“No matter what people tell you, words and ideas can change the world.”
-Robin Williams, Dead Poet’s Society
I don’t think anyone was expecting a breaking news update yesterday announcing Robin Williams had died of an apparent suicide.
He struggled with drug and alcohol addictions and had been battling depression lately. Still, I doubt even those closest to him truly saw this coming.
All of us have likely been affected by suicide in one way or another. Either we’ve lost someone dear to us, almost lost them, or had those awful thoughts ourselves. If that last one is you, I hope you’re in a better place now and I’m proud of you for getting through that. If you’d like to share your story, please let us know. If you’re still having those thoughts, please call the National Suicide Prevention Lifeline at 1-800-273-8255.
Having the Conversations While You Can
Some time ago my Mom and I were discussing a tragedy in the news. At one point, she asked me, “If you ever felt that bad, would you tell me or get help?” We’re very close, and there are no shortages of tragedies in the news to bring about this kind of conversation, but it made me realize we hadn’t had this honest conversation yet, while we can.
The whole point of an estate plan is to clearly convey your wishes once you’re gone. People often avoid this topic because it’s rarely an enjoyable or comfortable one. But as we know, it’s the honest conversations that are not only the toughest to have, but the most necessary.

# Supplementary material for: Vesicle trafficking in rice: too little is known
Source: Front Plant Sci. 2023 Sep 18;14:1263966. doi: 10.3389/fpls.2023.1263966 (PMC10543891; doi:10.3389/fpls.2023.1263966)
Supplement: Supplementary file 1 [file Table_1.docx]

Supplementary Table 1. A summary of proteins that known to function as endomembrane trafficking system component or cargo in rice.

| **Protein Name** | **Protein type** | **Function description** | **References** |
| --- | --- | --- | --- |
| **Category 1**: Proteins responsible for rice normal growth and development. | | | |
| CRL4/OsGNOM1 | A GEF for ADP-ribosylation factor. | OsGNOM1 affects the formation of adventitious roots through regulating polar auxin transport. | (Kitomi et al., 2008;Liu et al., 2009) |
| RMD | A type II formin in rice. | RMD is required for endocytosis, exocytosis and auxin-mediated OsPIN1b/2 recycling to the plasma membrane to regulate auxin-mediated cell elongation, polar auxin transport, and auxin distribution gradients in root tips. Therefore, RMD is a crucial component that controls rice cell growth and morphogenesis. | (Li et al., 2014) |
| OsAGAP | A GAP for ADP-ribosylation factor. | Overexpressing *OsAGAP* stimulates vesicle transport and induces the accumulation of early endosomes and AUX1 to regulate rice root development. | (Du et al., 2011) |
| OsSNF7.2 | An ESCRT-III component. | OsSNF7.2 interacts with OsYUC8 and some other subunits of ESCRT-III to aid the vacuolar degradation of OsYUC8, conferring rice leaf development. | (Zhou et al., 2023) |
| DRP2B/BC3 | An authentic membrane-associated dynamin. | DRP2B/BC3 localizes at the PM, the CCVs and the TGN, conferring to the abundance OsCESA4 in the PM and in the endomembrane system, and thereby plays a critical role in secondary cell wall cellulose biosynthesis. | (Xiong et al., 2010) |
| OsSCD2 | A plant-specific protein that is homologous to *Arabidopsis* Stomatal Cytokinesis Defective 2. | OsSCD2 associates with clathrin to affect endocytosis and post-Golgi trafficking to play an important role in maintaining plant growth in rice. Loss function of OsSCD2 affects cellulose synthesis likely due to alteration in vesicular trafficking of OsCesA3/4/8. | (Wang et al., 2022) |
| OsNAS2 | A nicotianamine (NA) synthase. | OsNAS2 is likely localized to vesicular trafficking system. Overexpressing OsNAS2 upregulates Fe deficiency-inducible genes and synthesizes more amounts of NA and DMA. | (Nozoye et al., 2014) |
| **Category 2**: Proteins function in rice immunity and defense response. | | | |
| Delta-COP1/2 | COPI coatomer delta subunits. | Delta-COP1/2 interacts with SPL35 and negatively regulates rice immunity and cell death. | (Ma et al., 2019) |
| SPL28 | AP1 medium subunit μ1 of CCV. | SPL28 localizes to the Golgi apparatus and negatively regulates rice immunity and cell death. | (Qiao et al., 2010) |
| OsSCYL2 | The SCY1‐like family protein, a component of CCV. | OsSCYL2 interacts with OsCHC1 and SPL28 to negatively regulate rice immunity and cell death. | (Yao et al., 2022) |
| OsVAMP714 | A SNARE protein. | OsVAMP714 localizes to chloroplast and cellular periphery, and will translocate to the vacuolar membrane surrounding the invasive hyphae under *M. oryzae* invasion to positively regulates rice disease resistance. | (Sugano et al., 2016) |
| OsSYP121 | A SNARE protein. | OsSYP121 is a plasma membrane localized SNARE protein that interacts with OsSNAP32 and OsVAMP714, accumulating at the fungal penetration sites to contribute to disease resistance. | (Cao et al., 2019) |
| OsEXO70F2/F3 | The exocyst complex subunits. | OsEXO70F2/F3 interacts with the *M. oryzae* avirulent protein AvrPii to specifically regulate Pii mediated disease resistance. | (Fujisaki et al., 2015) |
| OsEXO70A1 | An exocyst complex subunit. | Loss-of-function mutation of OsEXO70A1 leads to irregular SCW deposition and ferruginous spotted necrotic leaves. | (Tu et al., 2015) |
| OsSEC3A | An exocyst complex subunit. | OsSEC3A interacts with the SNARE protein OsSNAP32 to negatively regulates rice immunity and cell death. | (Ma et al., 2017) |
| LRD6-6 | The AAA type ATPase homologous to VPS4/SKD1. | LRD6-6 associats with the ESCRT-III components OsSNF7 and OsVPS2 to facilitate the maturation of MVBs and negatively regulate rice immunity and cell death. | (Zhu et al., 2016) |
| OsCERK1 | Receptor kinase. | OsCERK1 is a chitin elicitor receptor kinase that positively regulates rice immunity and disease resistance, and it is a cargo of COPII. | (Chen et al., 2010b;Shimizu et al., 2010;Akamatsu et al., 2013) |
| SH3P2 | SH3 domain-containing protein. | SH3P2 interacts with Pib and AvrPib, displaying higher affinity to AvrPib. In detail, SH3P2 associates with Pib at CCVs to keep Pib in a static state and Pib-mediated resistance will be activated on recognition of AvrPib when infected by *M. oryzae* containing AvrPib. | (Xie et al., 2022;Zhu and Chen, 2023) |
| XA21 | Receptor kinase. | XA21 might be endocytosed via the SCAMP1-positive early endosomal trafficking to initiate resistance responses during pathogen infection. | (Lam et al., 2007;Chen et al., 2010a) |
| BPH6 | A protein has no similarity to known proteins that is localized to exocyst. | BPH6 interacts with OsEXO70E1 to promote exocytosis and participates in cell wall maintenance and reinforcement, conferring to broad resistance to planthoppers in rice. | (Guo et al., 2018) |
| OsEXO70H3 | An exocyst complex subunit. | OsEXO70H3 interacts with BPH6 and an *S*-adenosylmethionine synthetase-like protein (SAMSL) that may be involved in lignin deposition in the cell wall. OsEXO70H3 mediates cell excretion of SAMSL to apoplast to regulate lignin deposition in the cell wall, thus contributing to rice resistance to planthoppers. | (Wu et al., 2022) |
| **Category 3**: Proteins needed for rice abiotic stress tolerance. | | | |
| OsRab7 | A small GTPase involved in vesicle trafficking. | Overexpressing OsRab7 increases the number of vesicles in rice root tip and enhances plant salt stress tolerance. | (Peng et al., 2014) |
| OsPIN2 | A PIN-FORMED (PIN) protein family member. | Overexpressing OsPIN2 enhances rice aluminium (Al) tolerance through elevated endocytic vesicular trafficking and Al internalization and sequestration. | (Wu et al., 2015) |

You likely understand the importance of an estate plan, but have you ever thought about a tragedy avoidance plan?
I filled my Mom in on mine. I decided years ago if life ever got too much to handle and I started thinking suicidal thoughts, I’d pack a small bag, head to the airport, and buy a one way ticket to Costa Rica, Puerto Rico, or similar. I’d leave a paper note somewhere but I’d likely be totally unreachable otherwise. I’d disconnect from all electronic communication and totally shut out the world that brought me to that dark place.
I’d like to think I’d eventually get a job in a restaurant, cafe, or something low stress and hopefully even fun. I told her when the time is right I’d contact her (and other loved ones) and probably eventually come home (unless I discover a hidden talent as a surfer chick).
I haven’t had to implement this plan. But since I came up with it many years before she asked, there have been times where it’s felt like my life was falling apart around me, I couldn’t do anything right, and I wasn’t seeing a hell of a lot of light at the end of the tunnel. Before those thoughts even turned a dark gray, though, knowing that my true worst-case scenario is a tropical beach without the frustrations of day-to-day life always helps put things in perspective.
And no, this isn’t a tragedy avoidance plan for the wealthy (thankfully, since I’m not). While I advocate for prudent financial decision making, my life is worth far more than some outstanding credit card debt if I were truly in that dark of a place and had otherwise run out of money.
What’s Your Tragedy Avoidance Plan?
There are so many situations in life where we have no idea how we’ll react until we find ourselves right in the middle. But that’s the point of a plan. It lets us know the actions we can take in case we don’t otherwise know what to do or can’t come up with anything better on the spot. Plans can be changed and updated, but they can’t provide guidance if they don’t exist.
Take some time to consider your tragedy avoidance plan. If you’re up for it, we’d love to hear it in the comments. Either way, share it with those closest to you and ask them what theirs is.
We never know when it’ll feel like the world is conspiring against us, but one of the best ways we can fight back is by knowing in advance that it’s not going to win.
R.I.P Robin Williams (1951-2014)
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